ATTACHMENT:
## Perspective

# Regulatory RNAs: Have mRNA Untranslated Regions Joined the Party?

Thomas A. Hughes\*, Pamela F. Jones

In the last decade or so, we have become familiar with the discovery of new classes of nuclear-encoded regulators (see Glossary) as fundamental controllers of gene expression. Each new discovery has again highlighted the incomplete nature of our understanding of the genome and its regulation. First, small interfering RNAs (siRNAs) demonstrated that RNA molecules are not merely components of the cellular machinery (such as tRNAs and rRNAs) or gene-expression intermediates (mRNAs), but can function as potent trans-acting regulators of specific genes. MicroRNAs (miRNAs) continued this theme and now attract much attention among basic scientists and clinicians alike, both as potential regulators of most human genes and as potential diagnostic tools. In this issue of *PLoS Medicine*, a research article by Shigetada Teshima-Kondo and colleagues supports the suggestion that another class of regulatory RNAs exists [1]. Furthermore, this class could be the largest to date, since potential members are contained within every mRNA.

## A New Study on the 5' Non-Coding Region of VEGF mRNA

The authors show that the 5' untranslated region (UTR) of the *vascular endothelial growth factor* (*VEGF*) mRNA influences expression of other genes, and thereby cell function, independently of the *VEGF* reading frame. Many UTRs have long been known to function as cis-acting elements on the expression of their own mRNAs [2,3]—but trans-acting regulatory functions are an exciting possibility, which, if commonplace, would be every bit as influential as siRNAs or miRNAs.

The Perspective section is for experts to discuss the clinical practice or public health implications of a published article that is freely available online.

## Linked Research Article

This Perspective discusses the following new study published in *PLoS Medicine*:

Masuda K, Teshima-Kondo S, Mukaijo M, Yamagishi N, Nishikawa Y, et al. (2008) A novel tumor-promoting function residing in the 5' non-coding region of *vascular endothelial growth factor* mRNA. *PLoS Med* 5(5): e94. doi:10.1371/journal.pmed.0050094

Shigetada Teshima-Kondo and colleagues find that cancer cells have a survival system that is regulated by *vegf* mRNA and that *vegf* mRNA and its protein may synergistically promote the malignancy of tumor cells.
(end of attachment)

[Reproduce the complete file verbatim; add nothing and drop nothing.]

## Perspective

# Regulatory RNAs: Have mRNA Untranslated Regions Joined the Party?

Thomas A. Hughes\*, Pamela F. Jones

In the last decade or so, we have become familiar with the discovery of new classes of nuclear-encoded regulators (see Glossary) as fundamental controllers of gene expression. Each new discovery has again highlighted the incomplete nature of our understanding of the genome and its regulation. First, small interfering RNAs (siRNAs) demonstrated that RNA molecules are not merely components of the cellular machinery (such as tRNAs and rRNAs) or gene-expression intermediates (mRNAs), but can function as potent trans-acting regulators of specific genes. MicroRNAs (miRNAs) continued this theme and now attract much attention among basic scientists and clinicians alike, both as potential regulators of most human genes and as potential diagnostic tools. In this issue of *PLoS Medicine*, a research article by Shigetada Teshima-Kondo and colleagues supports the suggestion that another class of regulatory RNAs exists [1]. Furthermore, this class could be the largest to date, since potential members are contained within every mRNA.

## A New Study on the 5' Non-Coding Region of VEGF mRNA

The authors show that the 5' untranslated region (UTR) of the *vascular endothelial growth factor* (*VEGF*) mRNA influences expression of other genes, and thereby cell function, independently of the *VEGF* reading frame. Many UTRs have long been known to function as cis-acting elements on the expression of their own mRNAs [2,3]—but trans-acting regulatory functions are an exciting possibility, which, if commonplace, would be every bit as influential as siRNAs or miRNAs.

The Perspective section is for experts to discuss the clinical practice or public health implications of a published article that is freely available online.

## Linked Research Article

This Perspective discusses the following new study published in *PLoS Medicine*:

Masuda K, Teshima-Kondo S, Mukaijo M, Yamagishi N, Nishikawa Y, et al. (2008) A novel tumor-promoting function residing in the 5' non-coding region of *vascular endothelial growth factor* mRNA. *PLoS Med* 5(5): e94. doi:10.1371/journal.pmed.0050094

Shigetada Teshima-Kondo and colleagues find that cancer cells have a survival system that is regulated by *vegf* mRNA and that *vegf* mRNA and its protein may synergistically promote the malignancy of tumor cells.